Got an email yesterday, basically asking: in light of the recent ending to the Wheel of Time series and Robert Jordan’s mammoth experiment in worldbuilding that was that series, did I create the world for Al’Rashad in advance or write it as I go, and do I have a preference – both for that work and generally when I write? The answer is “a bit of both.”
You will hear all sorts of stuff from many, many people about how their characters “surprise them” and how they interact with the world. And let me be clear: I’ve got nothing against the idea of writing a character consistently. That’s just basic sense. But writing is not like DMing a roleplaying game: you determine what your characters do. If something is out of character, well, change the character. You’re the writer, you’re allowed to do that – I am getting a bit off-topic here and it is partially the fault of my memories of this past NaNoWriMo – or, rather, other people’s NaNoWriMo – still not having entirely faded. But the roleplaying game thing is actually fairly apt, because writing a story isn’t like writing an RPG. You only get to peek at the faintest corners of the larger world, unless you want to do, like, a bonus Almanac Of The Universe Of Your Story or something on the side. (Which some people do. Tolkien certainly did. You couldn’t stop Tolkien from writing about the obscure side histories of his world. But Tolkien also had the luxury of more or less inventing a genre, which you will probably not be doing.)
The bottom line is that, if you are writing a story, you probably aren’t writing a travelogue or a guidebook, and thus details get left out. Go back and look at yesterday’s comic page. Alric mentions six countries there that haven’t been mentioned yet in the story. It is entirely possible1 that you will never know anything else about them ever again in the course of the story. They are little more than window dressing at this point. Conversely, however… you know a lot more about the Free Kingdom of Gundring and the Rashadi Caliphate, if you’ve been following the story.
Gundring, for example. You know that Gundring’s government is, effectively, a sort of broad combination of an Althing/parliament and a clan-based monarchy; you know that the Gundring use gunpowder (and you’ve probably noticed that the Rashadi don’t, and suspect that there are reasons for that) and place particular importance on engraving runes into anything they think is important. You know that they’re probably undergoing something of an Enlightenment at present. You know they’re probably not too keen on slavery. All of this informs Alric’s character, and pointedly so because he is very much the primary viewpoint character for the story, so, yes, he comes from the society most analagous to yours.2 The Rashadi? Well, you know they *do* have slavery, but there are deep divisions within their society about it. You know that that society is also tribally based, and likely much more cosmopolitan than the Gundring are – but survives basically on a system of mutual distrust. You know it’s a fairly brutal, dog-eat-dog social structure, and more overtly religious than the Gundring are by far. And you know their architecture is elaborate, even fantastical – which probably says quite a bit about how historically powerful they’ve been. And all of this informs the character of Kahal (who by appearances isn’t even of traditional Rashadi descent like Rayana or Fezay – were this comic in colour, his skin tone would be much darker than theirs – and that tells you something, both about him and about them) and the other Rashadi characters.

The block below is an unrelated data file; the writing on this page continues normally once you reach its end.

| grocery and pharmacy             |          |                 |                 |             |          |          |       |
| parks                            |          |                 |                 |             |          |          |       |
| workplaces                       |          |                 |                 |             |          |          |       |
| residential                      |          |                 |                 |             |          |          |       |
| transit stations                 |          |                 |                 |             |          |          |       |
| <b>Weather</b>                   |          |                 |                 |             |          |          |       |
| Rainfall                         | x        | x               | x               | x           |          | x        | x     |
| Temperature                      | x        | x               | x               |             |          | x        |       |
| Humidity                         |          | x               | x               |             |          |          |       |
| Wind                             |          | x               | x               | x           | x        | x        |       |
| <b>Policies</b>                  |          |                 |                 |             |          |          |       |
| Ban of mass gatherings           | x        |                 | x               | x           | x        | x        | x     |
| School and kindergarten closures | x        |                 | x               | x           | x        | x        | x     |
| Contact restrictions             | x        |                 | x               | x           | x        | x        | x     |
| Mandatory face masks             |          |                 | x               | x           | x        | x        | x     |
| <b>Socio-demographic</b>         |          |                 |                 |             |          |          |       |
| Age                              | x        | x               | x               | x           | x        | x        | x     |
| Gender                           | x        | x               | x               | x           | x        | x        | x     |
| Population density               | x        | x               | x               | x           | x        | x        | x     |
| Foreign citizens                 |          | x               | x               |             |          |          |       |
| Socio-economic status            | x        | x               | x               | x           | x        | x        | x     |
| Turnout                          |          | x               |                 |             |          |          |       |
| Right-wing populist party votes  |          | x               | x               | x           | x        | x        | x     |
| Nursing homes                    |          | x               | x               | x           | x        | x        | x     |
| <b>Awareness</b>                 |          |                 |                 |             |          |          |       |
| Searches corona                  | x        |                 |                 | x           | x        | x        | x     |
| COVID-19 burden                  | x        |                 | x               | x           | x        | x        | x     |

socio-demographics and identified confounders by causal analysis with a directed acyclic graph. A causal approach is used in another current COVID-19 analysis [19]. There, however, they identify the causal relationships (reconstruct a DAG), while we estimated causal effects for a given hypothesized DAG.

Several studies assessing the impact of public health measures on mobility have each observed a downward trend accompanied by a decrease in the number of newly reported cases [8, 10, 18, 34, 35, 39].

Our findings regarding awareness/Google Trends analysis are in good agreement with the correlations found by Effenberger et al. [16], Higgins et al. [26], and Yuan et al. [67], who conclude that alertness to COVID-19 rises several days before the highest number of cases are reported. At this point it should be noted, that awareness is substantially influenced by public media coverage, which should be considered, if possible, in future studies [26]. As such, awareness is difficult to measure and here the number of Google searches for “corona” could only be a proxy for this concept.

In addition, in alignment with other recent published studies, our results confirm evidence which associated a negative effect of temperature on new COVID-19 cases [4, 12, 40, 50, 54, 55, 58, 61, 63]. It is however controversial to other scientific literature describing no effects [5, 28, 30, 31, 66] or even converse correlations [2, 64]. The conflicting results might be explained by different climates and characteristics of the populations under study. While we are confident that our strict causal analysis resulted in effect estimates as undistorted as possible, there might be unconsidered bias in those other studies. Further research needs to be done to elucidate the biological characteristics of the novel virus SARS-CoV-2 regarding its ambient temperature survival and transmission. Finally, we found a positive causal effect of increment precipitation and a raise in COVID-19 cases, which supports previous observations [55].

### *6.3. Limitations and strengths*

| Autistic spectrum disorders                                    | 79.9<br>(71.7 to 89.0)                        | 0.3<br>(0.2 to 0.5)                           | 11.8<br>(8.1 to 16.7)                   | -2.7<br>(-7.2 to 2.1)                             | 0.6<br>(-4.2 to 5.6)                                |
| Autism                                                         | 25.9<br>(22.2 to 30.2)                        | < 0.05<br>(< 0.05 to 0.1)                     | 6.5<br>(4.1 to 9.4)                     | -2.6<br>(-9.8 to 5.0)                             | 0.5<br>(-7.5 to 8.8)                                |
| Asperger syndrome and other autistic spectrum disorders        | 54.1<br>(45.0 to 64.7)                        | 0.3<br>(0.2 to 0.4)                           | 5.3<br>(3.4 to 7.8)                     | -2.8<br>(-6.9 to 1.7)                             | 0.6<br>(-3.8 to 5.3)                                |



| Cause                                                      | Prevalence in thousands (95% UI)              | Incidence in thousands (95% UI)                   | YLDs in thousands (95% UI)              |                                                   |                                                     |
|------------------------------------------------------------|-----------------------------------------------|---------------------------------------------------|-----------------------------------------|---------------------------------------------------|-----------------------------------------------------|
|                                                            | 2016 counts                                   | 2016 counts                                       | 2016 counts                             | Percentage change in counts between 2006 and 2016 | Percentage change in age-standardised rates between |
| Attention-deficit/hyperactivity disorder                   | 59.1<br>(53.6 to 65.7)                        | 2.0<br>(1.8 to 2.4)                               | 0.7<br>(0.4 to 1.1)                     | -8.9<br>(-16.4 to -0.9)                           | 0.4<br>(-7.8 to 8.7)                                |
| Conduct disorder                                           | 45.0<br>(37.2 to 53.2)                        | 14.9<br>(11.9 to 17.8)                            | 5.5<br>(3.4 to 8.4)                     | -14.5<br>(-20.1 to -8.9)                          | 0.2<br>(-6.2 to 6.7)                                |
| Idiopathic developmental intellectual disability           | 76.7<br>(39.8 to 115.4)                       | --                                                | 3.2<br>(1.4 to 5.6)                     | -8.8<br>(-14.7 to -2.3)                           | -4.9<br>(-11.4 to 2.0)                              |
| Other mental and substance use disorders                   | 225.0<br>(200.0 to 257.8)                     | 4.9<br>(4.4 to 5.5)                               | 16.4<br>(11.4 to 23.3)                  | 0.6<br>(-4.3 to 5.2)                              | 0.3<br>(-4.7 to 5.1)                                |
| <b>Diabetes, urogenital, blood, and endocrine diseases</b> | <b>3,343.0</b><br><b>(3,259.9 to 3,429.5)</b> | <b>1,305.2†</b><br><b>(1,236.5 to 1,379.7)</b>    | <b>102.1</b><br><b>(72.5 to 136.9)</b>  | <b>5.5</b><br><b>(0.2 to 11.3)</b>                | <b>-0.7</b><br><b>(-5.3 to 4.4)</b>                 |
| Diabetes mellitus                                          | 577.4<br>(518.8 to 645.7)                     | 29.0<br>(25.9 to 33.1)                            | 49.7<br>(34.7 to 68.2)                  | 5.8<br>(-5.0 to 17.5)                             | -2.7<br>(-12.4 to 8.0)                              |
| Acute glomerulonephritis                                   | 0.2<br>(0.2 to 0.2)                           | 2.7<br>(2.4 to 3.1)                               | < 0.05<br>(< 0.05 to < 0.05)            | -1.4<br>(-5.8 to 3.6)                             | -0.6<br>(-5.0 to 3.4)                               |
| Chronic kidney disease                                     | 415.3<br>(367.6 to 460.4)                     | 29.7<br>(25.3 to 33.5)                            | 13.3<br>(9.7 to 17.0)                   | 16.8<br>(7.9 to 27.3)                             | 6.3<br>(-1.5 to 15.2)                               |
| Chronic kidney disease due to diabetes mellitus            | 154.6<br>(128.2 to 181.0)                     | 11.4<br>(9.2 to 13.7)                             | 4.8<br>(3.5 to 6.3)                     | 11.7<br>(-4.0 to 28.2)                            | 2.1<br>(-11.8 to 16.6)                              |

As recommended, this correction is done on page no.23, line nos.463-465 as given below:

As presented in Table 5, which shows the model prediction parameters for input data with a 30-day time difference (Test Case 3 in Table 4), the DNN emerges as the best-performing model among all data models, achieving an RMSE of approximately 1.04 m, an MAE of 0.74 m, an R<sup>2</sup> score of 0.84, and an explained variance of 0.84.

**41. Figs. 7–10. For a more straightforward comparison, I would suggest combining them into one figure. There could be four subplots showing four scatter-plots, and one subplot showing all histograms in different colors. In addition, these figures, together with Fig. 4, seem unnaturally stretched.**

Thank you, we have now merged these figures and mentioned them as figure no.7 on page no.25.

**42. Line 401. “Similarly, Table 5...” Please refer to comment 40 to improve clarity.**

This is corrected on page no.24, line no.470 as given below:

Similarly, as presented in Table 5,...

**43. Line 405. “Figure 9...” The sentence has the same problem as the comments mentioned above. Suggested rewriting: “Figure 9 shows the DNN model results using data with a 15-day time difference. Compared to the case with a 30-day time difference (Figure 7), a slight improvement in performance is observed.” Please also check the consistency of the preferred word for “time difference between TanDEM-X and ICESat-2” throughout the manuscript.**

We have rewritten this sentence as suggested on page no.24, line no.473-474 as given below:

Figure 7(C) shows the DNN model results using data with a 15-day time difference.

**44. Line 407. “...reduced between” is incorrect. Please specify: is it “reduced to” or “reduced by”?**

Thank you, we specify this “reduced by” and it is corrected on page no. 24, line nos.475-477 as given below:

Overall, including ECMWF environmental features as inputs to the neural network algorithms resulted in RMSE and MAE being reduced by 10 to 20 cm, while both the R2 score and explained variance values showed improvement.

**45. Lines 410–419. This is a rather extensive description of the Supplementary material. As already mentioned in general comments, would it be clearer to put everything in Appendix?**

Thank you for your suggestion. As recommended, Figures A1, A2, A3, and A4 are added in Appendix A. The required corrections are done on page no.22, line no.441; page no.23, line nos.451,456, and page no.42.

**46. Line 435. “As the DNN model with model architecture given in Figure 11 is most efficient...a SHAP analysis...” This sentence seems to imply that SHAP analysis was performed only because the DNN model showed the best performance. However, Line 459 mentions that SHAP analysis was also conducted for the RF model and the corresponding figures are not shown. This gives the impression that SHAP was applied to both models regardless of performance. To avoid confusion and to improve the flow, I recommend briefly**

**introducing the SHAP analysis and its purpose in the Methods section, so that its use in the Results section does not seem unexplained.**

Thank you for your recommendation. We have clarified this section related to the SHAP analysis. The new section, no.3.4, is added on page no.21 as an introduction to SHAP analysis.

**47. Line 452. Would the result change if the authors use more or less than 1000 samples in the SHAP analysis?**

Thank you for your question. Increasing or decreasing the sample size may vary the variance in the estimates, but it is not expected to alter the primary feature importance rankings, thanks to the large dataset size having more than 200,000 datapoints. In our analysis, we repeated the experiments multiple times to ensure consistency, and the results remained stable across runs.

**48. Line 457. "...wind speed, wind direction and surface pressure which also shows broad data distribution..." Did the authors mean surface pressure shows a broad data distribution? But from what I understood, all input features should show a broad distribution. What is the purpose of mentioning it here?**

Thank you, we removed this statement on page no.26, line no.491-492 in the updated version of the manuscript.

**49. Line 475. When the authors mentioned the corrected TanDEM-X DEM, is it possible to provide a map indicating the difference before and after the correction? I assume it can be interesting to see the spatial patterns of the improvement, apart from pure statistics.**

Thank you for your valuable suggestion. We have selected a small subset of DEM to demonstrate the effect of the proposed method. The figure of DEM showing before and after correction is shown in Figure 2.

The point I am trying to make about worldbuilding is this: you can always bullshit when you need to, and nobody will ever know. If somebody asks me something about some aspect of Pizarri culture I will cheerfully make it up on the spot if need be, and HEY PRESTO it’s canon until I decide otherwise. But your world is an onion. You don’t care about the outer layers – that’s dead skin. You care about the core, which is your characters, and what immediately surrounds them. That’s what you need to know in advance, what you need to build. Everything else is a luxury, and quite often a waste of time.